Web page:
Below are given the instructions and results of various experiments that one can carry out using simple equipment that costs less than 10 dollars. Some projects involve making a cardboard device that slides up and down a yardstick.
One project involves comparing the orientation of the constellations in the general direction of the North Pole Star with a star chart. One can derive one's watch time to within 15 minutes.
Using the geometry of a lunar eclipse, the mean angular size of the Moon, and the size of the Earth's shadow at the distance of the Moon one can estimate the distance to the Moon in Earth radii. This was originally done by Aristarchus in the third century BC.
From a determination of one's geographic position on Earth at two widely separate places (using a vertical pointed stick) one can determine the circumference of the Earth. This method was originally worked out by Eratosthenes in the third century BC.
The celestial sphere
Phases of the Moon
Astronomical measurements without a telescope
Determining your latitude with a vertical pointed stick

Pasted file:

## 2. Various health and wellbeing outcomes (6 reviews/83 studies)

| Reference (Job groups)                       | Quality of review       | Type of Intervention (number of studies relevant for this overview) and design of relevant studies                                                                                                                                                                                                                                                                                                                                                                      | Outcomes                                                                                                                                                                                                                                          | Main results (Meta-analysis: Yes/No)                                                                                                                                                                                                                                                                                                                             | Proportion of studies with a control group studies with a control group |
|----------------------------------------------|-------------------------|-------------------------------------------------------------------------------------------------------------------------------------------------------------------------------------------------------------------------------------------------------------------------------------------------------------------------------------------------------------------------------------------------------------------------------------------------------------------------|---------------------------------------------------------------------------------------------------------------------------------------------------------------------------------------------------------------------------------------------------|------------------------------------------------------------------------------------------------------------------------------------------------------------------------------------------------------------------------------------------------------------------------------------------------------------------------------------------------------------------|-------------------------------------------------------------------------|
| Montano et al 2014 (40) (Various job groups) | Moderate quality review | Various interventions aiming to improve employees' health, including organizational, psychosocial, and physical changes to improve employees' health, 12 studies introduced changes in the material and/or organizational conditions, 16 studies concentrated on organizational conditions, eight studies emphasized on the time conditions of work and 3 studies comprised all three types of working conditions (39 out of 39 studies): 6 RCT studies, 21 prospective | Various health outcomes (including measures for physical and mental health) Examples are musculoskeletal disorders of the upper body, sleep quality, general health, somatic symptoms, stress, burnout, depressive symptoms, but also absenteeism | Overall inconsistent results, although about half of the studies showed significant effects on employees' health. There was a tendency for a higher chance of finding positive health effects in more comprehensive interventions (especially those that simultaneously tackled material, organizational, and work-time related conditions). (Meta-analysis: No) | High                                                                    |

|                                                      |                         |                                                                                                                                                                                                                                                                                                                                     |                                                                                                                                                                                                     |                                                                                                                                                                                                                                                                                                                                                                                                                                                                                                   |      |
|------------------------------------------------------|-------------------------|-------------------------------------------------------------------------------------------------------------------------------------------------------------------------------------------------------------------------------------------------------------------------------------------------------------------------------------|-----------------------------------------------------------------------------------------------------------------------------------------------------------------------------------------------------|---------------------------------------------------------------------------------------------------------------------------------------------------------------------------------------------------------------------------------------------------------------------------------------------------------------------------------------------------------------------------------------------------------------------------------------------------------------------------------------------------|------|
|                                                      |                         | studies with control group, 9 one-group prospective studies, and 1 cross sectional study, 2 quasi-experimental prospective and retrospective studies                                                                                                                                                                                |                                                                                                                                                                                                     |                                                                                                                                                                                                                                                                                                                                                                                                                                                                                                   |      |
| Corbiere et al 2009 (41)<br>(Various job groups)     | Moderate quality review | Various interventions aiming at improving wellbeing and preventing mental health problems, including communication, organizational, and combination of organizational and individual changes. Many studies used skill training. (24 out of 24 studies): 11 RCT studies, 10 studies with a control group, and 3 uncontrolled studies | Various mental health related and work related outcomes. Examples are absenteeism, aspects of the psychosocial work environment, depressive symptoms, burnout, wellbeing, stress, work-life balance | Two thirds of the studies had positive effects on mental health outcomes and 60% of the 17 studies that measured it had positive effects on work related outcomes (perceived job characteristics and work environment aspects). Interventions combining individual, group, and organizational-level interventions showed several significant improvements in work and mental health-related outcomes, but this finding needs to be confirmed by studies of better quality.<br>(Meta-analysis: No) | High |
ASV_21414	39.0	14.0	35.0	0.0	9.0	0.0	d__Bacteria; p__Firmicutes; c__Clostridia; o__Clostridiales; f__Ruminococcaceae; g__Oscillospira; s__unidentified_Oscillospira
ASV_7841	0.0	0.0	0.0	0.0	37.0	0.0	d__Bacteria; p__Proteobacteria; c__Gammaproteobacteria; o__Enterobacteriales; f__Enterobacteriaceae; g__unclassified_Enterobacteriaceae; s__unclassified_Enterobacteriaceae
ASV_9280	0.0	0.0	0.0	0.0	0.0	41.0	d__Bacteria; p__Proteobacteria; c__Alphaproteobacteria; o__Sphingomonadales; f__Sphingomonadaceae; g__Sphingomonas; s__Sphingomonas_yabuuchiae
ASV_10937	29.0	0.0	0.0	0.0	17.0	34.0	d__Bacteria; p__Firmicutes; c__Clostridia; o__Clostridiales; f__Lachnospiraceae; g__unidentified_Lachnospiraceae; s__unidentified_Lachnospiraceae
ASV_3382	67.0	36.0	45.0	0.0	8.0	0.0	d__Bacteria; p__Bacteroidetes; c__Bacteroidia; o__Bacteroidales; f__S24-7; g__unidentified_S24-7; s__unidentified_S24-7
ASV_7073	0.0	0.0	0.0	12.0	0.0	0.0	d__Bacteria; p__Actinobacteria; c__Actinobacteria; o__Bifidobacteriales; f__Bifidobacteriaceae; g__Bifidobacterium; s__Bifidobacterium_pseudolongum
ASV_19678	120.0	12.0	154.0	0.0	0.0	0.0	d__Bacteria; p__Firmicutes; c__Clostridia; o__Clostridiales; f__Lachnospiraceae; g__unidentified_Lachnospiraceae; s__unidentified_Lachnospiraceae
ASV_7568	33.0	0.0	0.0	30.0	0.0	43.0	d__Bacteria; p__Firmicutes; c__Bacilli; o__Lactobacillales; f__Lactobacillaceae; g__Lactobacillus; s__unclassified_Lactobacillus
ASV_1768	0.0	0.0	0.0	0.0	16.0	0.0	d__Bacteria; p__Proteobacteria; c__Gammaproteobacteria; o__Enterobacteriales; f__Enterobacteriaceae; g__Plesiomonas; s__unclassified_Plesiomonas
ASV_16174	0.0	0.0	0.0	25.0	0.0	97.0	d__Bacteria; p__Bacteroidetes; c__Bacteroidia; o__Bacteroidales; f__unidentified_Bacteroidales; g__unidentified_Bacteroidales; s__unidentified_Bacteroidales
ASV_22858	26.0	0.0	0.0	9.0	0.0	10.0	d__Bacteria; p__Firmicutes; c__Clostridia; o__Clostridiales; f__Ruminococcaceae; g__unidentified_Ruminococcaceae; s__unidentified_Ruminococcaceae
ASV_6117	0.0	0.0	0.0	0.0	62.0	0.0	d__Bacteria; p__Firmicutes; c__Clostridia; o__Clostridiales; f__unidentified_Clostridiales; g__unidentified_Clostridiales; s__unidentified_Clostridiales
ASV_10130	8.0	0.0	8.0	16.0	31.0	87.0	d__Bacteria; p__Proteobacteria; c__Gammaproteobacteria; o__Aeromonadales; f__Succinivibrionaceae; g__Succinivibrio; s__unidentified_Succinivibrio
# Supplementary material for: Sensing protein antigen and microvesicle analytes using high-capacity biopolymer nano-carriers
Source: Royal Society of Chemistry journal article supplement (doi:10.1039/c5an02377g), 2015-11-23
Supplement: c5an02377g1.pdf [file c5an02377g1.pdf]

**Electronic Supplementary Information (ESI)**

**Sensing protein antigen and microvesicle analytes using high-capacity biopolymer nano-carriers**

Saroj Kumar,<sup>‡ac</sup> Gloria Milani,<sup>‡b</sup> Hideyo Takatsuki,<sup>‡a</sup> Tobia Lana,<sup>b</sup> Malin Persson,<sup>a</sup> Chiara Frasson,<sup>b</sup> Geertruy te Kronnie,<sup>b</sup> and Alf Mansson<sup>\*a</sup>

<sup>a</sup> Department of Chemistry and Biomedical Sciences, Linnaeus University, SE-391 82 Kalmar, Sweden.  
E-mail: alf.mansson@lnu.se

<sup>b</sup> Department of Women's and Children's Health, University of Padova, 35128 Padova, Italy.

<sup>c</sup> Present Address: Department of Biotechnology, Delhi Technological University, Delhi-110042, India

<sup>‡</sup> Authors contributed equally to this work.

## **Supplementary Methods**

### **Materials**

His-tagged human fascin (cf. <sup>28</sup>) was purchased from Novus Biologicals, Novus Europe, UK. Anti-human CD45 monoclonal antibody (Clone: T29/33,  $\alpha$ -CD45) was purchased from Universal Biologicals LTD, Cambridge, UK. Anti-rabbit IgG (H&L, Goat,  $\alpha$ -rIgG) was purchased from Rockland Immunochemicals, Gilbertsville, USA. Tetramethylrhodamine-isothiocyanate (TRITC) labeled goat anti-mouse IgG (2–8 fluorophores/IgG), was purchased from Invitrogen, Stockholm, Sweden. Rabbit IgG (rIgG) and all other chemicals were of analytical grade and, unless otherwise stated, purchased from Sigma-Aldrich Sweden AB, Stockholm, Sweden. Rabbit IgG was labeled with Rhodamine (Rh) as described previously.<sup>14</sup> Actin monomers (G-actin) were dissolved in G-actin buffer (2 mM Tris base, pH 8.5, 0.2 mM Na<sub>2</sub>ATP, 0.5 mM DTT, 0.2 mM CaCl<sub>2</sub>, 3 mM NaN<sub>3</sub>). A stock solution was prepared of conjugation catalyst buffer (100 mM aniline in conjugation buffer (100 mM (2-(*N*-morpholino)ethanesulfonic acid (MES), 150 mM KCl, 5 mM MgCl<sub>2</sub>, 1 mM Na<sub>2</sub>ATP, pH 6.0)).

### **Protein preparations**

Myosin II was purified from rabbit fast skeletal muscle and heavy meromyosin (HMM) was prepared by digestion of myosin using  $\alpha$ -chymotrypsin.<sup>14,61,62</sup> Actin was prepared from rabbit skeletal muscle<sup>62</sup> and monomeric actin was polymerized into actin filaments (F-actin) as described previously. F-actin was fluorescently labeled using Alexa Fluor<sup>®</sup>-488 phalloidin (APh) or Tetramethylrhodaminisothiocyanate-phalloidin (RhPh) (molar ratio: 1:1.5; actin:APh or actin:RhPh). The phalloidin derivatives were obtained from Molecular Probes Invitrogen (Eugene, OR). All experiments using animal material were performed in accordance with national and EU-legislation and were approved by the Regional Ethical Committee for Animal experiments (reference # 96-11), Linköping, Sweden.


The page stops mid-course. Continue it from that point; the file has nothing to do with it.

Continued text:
Angles and their measurement
At what distance can the human eye detect a candle flame?
Determining your watch time from observations of stars (spring season)
Determining your watch time from observations of stars (fall season)
Take a sequence of photos of the direction of the sunset over the course of the semester. Because the Sun appears north or south of the celestial equator over the course of the year, the Sun does not set exactly due west, except on the first day of spring and the first day of autumn. A sequence of photos by Kevin Krisciunas, taken in La Serena, Chile, can be seen by clicking here .
Chart of circumpolar constellations
Cross staff pattern
Gnomon experiments at various locations on the planet
Aristarchus experiment on determining the Moon's distance
Experiment using Moon's angular size
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